Facebook is motivating home buying decisions

This report shows why you may want to boost your posts on Facebook. Read the article online here.

How Your Facebook Friends Can Push You to Buy a Home

imagesBy Clare Trapasso, Realtor.com

If all your Facebook friends jumped off a bridge, would you? Probably not. But if they all bought big homes, you’re more likely to follow suit, according to a new study.

Facebook users whose friends have had a good homeownership experience are more likely to bite the bullet and purchase their own residence, according to a working paper published this month by the National Bureau of Economic Research.

The researchers came to their conclusions after looking at nearly 1,250 responses to a housing market survey distributed to Facebook users in Los Angeles. They also analyzed L.A. public deeds records of nearly 434,000 renters and more than 1 million homeowners.

“You hear everyone’s making money in the housing market and suddenly you think it’s a better investment,” says New York University finance professor Johannes Stroebel, one of the authors of the report. “It shows that your social network and your experiences within your social network are an important factor of your financial decision making.”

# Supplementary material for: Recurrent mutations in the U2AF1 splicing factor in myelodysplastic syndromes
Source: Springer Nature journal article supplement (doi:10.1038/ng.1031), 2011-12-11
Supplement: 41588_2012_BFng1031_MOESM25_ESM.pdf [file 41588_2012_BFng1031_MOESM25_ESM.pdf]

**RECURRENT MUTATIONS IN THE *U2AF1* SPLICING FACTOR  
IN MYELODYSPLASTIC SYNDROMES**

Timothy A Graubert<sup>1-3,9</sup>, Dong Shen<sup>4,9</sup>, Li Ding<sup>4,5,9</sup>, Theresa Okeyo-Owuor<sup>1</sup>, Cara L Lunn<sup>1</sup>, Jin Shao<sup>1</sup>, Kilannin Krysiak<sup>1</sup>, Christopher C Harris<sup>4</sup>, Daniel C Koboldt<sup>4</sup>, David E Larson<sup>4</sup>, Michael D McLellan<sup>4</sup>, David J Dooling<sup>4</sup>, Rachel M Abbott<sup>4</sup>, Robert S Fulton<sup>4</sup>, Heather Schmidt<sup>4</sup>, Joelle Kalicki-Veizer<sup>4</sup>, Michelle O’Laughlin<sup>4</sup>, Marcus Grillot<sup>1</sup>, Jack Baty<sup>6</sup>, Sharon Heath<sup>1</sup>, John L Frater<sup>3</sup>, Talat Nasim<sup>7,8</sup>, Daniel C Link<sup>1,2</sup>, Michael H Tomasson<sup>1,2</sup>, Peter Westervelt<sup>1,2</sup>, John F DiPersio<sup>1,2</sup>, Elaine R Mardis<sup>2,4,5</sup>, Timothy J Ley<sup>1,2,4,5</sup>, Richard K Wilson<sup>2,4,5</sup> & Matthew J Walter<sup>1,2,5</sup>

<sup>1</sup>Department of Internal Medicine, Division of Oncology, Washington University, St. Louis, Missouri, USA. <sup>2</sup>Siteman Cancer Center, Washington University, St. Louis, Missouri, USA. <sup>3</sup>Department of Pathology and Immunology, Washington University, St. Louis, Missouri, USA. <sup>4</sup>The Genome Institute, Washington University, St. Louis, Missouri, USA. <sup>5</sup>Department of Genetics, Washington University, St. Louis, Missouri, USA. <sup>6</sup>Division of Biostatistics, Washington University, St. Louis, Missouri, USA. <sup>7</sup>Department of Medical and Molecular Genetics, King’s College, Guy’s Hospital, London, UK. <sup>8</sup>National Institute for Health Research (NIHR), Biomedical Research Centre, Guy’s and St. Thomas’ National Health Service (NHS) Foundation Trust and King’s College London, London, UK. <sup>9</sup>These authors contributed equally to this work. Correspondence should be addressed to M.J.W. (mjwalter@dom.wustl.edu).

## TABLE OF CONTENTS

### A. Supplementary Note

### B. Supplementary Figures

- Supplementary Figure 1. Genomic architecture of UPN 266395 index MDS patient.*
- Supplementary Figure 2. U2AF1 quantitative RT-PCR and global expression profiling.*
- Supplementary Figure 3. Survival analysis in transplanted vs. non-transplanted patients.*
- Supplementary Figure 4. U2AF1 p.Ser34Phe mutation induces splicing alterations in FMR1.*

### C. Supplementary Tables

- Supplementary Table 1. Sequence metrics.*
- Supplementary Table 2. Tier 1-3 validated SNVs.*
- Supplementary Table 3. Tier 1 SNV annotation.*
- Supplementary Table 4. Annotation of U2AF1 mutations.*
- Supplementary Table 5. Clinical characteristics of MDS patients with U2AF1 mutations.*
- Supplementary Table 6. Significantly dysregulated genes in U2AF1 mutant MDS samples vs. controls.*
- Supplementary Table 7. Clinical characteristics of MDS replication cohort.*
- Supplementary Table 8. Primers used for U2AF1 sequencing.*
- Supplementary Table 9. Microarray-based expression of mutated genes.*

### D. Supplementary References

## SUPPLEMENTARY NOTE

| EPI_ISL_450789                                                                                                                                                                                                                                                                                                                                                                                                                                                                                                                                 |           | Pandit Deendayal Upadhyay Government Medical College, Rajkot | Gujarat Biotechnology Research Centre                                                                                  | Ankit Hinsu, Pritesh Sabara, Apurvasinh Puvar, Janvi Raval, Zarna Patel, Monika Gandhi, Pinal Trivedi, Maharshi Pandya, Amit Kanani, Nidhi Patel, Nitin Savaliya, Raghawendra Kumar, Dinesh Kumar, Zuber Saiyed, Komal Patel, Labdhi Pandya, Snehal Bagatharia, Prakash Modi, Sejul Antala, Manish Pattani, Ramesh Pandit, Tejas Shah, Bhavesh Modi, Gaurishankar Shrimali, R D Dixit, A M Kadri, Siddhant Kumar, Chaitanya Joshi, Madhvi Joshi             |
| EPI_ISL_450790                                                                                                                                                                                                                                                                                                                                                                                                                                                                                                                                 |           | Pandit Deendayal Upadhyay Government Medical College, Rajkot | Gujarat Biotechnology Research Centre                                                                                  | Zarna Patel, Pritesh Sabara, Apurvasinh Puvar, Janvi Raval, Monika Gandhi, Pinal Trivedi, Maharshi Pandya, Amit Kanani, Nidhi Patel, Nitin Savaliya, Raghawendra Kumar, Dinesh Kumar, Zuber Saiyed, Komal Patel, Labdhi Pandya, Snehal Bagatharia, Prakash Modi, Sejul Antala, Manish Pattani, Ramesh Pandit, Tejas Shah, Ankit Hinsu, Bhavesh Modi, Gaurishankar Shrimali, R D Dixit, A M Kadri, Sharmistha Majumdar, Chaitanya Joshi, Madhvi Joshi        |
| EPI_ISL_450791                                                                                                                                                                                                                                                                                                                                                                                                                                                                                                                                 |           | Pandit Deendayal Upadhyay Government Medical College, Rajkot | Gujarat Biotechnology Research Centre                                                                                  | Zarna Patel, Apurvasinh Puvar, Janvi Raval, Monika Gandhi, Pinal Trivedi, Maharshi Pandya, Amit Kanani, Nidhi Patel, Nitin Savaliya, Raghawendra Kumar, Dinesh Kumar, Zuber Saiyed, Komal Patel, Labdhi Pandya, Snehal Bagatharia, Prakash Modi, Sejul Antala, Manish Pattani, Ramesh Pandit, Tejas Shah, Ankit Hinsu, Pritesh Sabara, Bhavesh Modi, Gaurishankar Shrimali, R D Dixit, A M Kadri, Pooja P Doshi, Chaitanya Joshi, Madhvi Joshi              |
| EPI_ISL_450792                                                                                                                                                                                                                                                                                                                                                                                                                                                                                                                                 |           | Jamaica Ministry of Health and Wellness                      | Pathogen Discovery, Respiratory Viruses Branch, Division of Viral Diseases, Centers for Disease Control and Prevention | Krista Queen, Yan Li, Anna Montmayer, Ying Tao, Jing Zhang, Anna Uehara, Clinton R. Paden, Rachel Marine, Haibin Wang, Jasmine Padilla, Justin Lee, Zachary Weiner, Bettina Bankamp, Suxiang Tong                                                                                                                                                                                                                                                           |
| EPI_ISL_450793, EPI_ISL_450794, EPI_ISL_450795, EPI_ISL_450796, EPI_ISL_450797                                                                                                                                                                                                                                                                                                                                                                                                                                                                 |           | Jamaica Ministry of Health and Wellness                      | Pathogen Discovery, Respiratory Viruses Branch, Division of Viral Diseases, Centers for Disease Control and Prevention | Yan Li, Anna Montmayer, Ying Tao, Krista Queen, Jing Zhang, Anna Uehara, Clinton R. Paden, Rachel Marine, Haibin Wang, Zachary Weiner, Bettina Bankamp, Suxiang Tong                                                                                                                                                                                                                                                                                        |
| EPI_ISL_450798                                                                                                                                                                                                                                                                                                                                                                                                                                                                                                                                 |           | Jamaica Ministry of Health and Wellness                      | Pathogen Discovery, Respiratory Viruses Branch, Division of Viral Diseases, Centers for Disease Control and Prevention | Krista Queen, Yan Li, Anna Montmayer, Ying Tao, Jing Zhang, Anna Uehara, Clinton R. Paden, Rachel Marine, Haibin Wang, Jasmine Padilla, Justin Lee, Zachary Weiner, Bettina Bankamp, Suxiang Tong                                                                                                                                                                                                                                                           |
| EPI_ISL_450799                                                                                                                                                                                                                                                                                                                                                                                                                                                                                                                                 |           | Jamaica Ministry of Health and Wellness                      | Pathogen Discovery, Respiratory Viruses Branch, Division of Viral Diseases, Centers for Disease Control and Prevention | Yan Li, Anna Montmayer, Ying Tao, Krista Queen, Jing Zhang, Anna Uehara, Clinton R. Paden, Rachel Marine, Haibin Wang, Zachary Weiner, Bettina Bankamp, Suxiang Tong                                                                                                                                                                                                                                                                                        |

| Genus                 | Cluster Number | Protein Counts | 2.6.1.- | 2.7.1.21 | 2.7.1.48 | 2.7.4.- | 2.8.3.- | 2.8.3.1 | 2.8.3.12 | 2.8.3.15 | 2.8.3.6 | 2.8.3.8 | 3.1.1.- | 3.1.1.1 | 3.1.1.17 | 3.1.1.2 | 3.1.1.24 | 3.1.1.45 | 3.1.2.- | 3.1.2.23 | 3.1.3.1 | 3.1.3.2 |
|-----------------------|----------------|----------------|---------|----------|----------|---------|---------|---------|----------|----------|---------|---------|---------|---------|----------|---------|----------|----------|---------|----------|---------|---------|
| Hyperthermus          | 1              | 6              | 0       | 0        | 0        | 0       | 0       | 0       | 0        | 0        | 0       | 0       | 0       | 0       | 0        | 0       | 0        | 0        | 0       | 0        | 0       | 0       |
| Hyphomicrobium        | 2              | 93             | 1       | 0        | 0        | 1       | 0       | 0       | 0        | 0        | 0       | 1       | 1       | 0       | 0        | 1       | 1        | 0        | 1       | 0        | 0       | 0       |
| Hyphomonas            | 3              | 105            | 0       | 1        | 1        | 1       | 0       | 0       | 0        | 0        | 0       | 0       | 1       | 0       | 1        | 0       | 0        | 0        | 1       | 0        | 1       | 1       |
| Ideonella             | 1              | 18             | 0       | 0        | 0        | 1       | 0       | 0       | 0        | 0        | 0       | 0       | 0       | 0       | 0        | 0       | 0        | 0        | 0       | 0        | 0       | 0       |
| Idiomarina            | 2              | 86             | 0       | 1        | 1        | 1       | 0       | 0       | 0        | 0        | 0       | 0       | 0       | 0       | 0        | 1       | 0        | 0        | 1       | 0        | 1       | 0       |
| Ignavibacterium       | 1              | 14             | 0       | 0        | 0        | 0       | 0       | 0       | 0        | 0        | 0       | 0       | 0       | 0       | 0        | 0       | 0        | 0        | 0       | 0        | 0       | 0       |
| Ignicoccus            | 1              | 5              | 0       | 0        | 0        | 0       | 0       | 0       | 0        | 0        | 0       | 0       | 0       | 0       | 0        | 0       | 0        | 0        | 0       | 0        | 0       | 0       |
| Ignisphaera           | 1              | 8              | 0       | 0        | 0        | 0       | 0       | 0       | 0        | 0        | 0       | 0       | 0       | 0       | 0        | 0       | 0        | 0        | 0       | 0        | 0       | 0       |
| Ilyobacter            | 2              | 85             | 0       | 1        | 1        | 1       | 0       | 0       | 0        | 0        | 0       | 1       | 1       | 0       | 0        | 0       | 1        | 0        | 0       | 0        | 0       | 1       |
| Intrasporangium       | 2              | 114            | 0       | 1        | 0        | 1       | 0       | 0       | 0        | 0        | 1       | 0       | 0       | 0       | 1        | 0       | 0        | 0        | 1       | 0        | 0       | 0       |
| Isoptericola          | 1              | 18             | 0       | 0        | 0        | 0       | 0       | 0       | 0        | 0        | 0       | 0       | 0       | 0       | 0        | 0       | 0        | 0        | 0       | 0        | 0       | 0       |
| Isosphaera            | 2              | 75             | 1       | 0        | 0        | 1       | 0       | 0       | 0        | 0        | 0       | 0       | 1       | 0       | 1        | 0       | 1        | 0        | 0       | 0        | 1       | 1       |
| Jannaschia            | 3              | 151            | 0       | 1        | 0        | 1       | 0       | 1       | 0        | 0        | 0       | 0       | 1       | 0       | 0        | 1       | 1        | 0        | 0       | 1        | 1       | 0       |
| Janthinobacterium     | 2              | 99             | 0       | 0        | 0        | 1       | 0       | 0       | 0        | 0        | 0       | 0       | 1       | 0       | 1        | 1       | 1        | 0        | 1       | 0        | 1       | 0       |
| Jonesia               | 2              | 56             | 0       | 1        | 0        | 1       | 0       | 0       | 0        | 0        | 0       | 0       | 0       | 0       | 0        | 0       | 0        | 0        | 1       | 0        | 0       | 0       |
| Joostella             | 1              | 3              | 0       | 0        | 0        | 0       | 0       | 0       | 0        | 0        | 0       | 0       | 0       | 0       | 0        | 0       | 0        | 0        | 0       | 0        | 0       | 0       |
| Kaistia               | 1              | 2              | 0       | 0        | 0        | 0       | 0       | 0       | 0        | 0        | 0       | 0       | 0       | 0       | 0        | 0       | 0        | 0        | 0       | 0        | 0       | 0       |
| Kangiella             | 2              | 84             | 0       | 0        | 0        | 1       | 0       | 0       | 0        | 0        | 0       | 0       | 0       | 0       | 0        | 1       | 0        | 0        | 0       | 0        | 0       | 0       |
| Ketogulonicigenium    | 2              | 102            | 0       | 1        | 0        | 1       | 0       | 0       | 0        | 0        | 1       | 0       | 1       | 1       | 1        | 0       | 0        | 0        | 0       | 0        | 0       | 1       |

Folks whose online networks posted about their home values going up more than 5% over the past two years were 3.1% more likely to close on their own personal palaces over the next two years, according to the study. They were also 1.7% more likely to buy a bigger home and 3.1% more inclined to pay more for it. They also were willing to make a 7% larger down payment.

But on the flip side, those whose online pals didn’t fare quite as well in the housing market are more likely to sell their homes (by about 1%) and become renters, according to the study. They’ll even sell their property for less.

“Social media amplifies the positive and negative impact of homeownership,” says Jason Dorsey, chief strategy officer at the Center for Generational Kinetics, a millennial research and marketing firm based in Austin, TX. Buying a home “seems more achievable because you know someone who’s actually gone through the process. It makes it more within reach.”

But the reverse is true as well.

“Millennials are more hesitant to buy if their friends are posting about the stress and strain of being a homeowner,” Dorsey says.